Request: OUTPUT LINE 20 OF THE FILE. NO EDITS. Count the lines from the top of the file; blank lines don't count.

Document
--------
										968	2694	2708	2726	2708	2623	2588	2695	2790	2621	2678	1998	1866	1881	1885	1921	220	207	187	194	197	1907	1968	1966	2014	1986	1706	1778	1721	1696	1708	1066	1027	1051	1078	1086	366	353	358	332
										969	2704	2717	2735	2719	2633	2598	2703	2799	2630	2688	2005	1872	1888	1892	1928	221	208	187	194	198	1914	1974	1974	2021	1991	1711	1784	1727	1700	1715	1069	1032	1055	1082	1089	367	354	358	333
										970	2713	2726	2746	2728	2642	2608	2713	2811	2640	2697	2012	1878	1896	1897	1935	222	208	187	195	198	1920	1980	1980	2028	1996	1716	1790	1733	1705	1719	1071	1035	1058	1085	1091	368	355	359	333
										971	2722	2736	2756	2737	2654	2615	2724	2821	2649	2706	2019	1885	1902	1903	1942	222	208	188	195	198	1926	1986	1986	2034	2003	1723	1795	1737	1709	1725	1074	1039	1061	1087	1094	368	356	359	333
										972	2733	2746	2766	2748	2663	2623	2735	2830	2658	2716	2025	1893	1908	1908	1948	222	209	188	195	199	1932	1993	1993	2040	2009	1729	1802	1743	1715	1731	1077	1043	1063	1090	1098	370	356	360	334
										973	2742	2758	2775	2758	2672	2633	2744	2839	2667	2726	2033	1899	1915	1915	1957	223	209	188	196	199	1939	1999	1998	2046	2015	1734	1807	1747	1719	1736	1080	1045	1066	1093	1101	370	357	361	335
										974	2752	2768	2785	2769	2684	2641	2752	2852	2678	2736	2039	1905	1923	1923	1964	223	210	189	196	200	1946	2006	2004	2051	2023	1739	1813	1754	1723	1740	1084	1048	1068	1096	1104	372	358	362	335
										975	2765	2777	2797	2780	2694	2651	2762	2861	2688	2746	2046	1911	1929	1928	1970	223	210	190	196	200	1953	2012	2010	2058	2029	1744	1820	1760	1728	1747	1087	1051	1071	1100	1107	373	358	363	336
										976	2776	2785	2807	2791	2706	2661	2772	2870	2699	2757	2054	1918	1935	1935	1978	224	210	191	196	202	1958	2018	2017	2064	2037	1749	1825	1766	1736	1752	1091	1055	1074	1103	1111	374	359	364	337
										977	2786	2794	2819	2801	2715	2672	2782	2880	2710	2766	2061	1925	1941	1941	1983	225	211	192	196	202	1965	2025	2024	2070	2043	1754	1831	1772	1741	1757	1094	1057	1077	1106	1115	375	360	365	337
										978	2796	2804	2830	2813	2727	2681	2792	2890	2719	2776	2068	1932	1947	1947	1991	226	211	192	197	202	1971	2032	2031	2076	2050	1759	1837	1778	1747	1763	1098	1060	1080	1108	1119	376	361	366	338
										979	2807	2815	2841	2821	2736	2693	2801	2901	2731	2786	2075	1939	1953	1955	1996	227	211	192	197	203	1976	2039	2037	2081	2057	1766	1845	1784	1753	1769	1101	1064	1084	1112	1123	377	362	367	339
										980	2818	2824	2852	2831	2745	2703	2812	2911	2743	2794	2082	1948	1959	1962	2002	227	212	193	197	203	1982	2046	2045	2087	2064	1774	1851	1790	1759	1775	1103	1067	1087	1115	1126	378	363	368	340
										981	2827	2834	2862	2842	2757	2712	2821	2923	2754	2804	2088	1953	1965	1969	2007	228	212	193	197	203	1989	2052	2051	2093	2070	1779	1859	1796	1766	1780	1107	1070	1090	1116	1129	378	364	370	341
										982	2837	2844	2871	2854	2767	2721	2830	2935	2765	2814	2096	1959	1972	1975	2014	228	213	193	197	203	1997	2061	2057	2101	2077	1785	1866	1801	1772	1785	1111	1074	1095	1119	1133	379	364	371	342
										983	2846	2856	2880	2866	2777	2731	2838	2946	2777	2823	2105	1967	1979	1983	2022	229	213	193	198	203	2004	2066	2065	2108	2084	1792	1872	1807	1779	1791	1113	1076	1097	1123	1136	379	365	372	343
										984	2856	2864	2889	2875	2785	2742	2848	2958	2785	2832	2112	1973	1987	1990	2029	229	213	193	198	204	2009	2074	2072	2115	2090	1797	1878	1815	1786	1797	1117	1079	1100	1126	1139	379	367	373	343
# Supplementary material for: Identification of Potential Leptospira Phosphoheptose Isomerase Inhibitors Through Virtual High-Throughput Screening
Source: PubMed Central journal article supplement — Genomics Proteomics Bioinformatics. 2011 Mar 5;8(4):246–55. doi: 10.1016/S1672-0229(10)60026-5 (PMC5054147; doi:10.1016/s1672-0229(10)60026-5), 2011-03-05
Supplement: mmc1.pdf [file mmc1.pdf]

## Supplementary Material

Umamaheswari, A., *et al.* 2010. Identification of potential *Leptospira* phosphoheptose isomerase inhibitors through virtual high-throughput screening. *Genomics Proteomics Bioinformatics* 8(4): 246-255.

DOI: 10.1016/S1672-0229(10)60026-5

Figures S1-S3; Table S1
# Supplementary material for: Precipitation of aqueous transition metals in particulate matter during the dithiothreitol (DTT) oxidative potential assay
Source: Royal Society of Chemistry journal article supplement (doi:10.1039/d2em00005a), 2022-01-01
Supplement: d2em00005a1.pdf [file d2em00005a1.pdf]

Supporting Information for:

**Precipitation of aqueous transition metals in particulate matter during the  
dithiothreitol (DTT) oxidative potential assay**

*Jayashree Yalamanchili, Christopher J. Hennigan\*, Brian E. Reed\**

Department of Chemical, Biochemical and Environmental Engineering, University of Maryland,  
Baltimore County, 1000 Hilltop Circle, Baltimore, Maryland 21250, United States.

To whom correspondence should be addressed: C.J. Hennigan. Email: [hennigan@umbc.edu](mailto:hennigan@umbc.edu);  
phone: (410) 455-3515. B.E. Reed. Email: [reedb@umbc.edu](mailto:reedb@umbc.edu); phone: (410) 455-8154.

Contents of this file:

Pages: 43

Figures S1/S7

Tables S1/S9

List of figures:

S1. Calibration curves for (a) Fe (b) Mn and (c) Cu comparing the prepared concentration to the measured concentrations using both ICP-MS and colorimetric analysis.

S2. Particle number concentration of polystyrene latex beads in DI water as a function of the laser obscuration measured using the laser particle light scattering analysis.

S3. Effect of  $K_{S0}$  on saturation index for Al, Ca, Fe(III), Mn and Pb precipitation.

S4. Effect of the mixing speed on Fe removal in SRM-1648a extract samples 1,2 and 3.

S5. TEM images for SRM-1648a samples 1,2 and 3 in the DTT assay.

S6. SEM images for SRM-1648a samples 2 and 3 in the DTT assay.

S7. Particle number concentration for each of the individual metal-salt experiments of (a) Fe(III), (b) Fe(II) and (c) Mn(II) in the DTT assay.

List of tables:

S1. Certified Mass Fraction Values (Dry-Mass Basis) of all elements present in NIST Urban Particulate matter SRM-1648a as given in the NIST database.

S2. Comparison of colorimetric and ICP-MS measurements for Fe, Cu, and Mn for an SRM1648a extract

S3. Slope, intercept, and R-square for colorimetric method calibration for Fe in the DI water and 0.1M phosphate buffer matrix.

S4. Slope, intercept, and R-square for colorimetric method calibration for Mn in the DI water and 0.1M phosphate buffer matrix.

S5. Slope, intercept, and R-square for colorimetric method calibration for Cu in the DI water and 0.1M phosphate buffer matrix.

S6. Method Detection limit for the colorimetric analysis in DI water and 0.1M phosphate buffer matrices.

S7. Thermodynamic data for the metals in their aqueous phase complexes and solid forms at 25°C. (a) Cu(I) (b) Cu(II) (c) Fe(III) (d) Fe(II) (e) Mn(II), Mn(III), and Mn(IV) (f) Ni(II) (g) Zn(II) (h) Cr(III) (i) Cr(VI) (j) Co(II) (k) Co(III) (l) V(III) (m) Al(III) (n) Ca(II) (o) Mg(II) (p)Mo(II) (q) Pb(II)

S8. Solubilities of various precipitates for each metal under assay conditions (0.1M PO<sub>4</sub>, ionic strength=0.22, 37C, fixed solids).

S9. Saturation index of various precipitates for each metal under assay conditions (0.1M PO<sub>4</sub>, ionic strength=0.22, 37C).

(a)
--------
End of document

Supplement: mmc1.pdf [file mmc1.pdf]